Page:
When I resigned from my corporate job to pursue my goal of becoming a career coach and consultant, I had a wide range of reactions. Some people were excited for me, some were confused, and others were (to put it simply) fairly negative about the plan I had spent the previous year drafting. There were lots of raised eyebrows and questions, and (what felt at the time) like a lot of negative judgement on what I was supposedly going to do. “Do you already have a steady stream of paid work?” I was asked, and “Do you have a business plan for the first 5 years?”. The answer to both of these was no. I’d done a lot of free coaching, and a fair amount of planning, but I couldn’t comfortably say that I was on a safe and steady cross over plan, with every future detail mapped out clearly ahead of me.
At the time, the probing questions and the incredulous looks were hard to deal with. I already had more than enough worries inside my own head, I didn’t need to take on everyone else’s concerns too. Because I eventually recognised that’s what the judgement often represented – the individual’s own career fear, projected on to me. They couldn’t contemplate making a similar career switch because of the risks they assumed were associated with it.
“Well, you’re certainly brave…” people would say, shaking their head in disbelief. But here’s the thing. I didn’t feel brave. I was scared. I had exactly the same fears and worries as everyone else that spoke their own to me. The only difference was this: I was able to sit with and challenge each one of my fears in an objective, non-emotional, and practical way. And I’m so pleased that I did.
Overinflated risk and extreme fear of career changing are very common, and often keep people frozen in a state of inaction. The fears and concerns about doing something different (both consciously and subconsciously) can keep you locked in a stable pattern of routine, and the idea of change can become so scary it makes staying put seem all the more comfy and appealing.
But fears can be challenged. They can be stopped in their tracks and examined in the cold, hard, light of day. And then we are then able to make better, more informed choices about just how risky a career move might be.
I’ve reflected on the vast array of fears I held before I left the corporate world and picked out my top three to share with you today. I’ve also included how I counter-challenged the fears and was able to overcome them enough to make the move away. (Note that I said overcome them ENOUGH to make the move. For me, The Fear never goes away completely).
1) Fear of throwing my career away
I loved a lot about working in graduate recruitment, so the idea of having to start from scratch if everything went wrong with my career change was definitely one that kept me stuck for a while. I had spent 8 years working my way up and to get where I wanted to be. If I left and wanted to come back, would I be able to? After talking it through with a friend who had taken a career break to travel the world before returning to a job of equal (if not more) desirability when she returned, I reasoned that I probably could. The skills, experience and knowledge I had built up over the years weren’t going to go anywhere. Yes, I might have to fight a bit harder to get back in to the corporate world, but with persistence and focus I’d find the right opportunity eventually.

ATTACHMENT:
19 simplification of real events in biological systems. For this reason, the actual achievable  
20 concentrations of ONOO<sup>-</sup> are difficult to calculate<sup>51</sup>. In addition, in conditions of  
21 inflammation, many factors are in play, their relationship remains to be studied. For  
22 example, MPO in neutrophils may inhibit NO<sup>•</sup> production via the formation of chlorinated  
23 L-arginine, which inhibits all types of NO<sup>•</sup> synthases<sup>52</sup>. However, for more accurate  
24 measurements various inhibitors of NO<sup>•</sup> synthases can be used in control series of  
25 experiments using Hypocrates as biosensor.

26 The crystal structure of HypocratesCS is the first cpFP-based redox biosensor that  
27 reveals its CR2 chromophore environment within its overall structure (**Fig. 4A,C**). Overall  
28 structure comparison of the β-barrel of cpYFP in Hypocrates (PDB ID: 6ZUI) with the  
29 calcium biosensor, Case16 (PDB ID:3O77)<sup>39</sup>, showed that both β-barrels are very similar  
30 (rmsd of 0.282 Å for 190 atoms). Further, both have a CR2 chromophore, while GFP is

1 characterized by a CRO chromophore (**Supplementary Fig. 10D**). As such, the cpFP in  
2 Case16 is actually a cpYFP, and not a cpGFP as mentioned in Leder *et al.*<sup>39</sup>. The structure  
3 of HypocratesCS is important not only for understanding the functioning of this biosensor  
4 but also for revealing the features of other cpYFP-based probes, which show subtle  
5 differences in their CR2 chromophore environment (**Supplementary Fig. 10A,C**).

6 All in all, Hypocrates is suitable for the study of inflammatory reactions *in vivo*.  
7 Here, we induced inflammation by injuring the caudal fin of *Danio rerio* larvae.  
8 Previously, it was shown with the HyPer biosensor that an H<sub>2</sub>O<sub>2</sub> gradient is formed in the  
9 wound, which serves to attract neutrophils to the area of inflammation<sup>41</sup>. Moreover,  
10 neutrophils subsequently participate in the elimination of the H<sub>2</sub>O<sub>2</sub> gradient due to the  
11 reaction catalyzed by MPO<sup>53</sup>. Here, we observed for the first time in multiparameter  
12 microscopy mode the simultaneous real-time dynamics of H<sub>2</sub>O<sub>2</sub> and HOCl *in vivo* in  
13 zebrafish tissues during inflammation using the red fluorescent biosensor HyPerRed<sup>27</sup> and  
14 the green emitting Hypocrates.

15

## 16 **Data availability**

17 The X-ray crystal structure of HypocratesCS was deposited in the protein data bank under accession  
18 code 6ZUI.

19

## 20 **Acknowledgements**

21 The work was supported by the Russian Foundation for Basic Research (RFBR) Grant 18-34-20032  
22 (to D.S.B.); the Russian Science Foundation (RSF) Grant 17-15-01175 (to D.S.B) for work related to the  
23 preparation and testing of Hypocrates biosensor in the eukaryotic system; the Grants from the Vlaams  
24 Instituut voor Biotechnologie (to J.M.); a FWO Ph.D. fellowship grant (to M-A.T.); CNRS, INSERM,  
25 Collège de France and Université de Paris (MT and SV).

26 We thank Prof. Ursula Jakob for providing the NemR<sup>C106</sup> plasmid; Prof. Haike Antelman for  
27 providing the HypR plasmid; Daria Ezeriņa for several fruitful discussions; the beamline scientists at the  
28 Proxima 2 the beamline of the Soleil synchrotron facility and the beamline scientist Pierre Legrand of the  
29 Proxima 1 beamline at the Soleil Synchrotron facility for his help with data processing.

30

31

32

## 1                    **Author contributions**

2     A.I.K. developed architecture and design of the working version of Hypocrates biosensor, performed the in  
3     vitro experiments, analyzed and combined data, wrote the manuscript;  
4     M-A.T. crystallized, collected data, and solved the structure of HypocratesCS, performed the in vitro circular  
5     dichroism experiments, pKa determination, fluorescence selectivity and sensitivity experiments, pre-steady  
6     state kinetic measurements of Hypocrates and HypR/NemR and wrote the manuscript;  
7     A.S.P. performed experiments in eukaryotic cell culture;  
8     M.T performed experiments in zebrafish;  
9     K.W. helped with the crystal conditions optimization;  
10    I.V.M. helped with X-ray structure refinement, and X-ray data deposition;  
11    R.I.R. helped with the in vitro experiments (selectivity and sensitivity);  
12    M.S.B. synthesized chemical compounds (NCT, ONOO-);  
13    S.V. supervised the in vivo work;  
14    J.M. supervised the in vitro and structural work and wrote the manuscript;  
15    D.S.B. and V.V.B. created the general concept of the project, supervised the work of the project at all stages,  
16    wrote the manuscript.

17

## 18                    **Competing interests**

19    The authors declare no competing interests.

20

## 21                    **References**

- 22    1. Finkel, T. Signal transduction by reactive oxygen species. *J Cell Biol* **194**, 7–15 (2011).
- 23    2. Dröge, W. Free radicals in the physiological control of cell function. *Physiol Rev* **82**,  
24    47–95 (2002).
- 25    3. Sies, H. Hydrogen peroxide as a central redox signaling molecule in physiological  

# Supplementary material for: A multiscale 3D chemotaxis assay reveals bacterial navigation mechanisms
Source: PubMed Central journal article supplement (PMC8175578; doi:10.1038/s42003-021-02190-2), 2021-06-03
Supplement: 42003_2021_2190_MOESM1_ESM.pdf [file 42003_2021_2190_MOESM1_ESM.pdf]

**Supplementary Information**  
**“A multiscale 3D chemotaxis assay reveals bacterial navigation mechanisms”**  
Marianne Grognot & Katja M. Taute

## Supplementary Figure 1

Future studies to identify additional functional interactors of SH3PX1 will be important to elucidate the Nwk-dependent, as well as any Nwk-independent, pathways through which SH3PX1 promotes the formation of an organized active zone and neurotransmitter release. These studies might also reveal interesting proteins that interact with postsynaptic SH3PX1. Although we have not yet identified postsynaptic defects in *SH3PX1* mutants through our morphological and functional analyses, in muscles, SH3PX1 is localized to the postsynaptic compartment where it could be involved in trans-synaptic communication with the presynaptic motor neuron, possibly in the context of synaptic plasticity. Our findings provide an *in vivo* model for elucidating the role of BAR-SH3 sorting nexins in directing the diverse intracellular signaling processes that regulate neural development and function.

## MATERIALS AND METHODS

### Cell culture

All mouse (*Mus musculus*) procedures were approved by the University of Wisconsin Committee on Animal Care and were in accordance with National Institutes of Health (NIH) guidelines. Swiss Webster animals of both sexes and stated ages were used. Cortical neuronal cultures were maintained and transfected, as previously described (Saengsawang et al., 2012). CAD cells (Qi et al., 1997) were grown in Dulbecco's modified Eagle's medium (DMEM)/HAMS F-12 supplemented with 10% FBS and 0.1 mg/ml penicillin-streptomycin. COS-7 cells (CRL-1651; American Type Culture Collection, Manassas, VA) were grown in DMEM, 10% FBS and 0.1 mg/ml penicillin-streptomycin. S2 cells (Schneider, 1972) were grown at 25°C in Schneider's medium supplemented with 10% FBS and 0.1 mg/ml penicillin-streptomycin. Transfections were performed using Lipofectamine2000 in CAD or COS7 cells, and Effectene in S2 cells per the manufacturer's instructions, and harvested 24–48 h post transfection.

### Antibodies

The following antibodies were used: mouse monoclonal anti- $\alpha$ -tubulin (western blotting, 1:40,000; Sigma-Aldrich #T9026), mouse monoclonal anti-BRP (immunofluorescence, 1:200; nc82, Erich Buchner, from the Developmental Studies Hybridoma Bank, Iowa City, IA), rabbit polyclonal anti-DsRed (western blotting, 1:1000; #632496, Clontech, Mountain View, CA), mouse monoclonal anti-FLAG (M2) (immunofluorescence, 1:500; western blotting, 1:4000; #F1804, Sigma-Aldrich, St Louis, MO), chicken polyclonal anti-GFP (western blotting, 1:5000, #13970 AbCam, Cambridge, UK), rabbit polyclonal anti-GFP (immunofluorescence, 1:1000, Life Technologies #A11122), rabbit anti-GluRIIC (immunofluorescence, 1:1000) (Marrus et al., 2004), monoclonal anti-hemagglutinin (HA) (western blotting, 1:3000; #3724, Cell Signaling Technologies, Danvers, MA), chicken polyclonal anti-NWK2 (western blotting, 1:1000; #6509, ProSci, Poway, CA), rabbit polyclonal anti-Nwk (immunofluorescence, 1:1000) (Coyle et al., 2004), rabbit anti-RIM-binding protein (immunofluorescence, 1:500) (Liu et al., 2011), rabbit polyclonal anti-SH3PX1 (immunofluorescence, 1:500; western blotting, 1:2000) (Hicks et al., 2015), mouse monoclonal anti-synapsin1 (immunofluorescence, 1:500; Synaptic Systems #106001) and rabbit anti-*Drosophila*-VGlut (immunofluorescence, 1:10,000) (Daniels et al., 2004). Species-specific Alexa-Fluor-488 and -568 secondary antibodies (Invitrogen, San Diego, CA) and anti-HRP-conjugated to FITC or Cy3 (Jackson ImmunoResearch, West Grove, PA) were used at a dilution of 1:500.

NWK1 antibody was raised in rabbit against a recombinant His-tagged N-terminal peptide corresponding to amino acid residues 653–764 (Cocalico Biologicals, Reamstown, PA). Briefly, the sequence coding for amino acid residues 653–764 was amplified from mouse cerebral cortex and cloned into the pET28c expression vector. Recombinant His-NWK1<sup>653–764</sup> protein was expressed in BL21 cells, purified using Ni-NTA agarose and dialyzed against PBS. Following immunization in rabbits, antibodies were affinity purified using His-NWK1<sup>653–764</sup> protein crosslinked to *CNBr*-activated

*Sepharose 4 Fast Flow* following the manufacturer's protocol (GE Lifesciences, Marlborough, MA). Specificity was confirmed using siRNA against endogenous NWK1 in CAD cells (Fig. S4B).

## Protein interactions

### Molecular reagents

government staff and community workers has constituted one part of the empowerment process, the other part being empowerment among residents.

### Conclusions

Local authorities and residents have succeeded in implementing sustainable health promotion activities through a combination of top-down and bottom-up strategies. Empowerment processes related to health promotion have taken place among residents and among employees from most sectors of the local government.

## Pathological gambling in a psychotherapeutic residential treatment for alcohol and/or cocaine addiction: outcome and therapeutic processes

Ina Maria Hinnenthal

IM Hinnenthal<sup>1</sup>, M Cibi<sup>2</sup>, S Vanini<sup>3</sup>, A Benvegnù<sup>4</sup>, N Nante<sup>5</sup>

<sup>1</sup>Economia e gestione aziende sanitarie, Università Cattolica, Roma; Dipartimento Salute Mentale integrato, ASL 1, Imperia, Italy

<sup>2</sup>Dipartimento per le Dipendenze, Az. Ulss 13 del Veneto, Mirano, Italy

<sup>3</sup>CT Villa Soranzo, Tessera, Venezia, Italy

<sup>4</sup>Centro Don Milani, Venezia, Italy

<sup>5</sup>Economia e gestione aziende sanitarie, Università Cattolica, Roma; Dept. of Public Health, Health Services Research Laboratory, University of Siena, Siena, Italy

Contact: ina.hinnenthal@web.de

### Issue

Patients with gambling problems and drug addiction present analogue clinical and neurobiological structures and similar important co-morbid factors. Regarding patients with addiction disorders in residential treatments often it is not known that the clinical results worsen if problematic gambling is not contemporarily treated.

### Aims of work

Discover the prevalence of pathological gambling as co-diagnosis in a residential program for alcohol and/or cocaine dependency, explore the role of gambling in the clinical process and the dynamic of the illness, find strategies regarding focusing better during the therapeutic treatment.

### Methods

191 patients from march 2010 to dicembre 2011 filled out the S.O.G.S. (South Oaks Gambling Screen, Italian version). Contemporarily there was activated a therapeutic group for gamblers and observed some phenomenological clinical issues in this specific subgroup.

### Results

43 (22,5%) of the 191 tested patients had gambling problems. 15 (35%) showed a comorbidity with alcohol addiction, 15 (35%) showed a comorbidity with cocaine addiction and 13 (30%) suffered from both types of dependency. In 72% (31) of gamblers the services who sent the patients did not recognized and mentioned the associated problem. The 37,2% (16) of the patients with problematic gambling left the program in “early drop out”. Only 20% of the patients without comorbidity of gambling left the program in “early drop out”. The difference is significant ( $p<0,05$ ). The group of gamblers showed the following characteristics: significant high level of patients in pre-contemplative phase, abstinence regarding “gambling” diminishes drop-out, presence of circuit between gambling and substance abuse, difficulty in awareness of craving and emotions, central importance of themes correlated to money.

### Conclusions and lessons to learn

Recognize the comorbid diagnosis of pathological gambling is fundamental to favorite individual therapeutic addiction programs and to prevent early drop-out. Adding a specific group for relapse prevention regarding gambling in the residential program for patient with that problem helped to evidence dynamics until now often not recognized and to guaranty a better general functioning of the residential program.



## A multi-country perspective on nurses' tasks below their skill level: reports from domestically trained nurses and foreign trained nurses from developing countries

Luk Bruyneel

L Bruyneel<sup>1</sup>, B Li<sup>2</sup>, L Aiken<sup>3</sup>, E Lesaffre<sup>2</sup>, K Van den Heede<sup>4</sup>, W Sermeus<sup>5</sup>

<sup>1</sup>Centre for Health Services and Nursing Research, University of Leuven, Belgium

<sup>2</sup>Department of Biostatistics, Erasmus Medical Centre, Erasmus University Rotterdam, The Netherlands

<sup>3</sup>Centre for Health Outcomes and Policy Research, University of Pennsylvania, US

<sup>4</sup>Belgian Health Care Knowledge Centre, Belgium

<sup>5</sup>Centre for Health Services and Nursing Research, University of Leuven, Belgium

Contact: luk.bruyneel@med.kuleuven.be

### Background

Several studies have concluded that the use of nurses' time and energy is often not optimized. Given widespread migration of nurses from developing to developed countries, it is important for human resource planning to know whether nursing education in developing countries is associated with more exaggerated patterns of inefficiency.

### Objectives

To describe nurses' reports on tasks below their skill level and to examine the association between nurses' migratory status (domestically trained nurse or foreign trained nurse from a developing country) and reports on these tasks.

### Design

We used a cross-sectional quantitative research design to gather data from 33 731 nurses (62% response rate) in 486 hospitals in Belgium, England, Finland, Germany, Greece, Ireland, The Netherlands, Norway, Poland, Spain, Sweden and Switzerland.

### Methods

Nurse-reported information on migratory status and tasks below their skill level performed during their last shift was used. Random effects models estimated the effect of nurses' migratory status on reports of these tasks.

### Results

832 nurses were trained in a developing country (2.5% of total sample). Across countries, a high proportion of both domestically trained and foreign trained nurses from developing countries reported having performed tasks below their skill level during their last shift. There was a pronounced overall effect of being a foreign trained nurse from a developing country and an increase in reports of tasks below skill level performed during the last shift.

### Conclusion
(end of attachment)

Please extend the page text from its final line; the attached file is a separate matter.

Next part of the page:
2) Fear of a loss of earning
This was definitely a big worry for me. Even though I wouldn’t say I am particularly motivated by money, I was definitely motivated to not get evicted from my flat. I didn’t mind cutting back on eating out while I was getting started, but I still wanted to be able to eat. With this fear, I spent some time going through my current earnings and spending. I worked out what I could get by on, and what I wanted to earn. I also brainstormed ways I could make money if my new career was slow to take off. I could temp, or I could pick up some freelance graduate recruitment work. Failing that? I could even get a job pulling pints in a bar to tide things over. This may have not been an ideal long-term solution, but knowing I had a plan to call upon if need be was a huge comfort to me.
3) Fear of failure
This was a particular favourite of mine, and one that has haunted me ever since I got an E for AS Level Biology. I never enjoyed failing, and throughout my life I’ve always had an underlying desire to make my parents proud (cringe). In the past couple of years, my opinion of failure has slowly but surely shifted. Discovering lots of role models that had previously failed helped, as did reading ‘Black Box Thinking’ by Matthew Syed recently. The more I have read around and reflected on failure, the more I recognise that rather than being a begrudgingly accepted stressor to put up with, failure is a statistically essential element for significant growth and development. Once I acknowledge and let go of the knee-jerk human reaction to self-criticise, I really believe that failures are vital opportunities to learn.
Fear doesn’t need to be completely ignored…
From an evolutionary perspective, fear comes from a good place of wanting to keep you alive and safe. Pretending you don’t feel scared about making a change in your career is the equivalent of dealing with a hungry lion by simply shutting your eyes. It can still eat you.
But not all lions want to eat you. Maybe Simba here is just having a yawn after a big cat nap. And maybe your career fears aren’t as scary as you think they are. The only way to find out? Take a close up, good hard look at them one by one – in a realistic, unemotional, and pragmatic way.
To learn more about how coaching could help you achieve your big (and possibly scary) career goals, take a look at this page on my website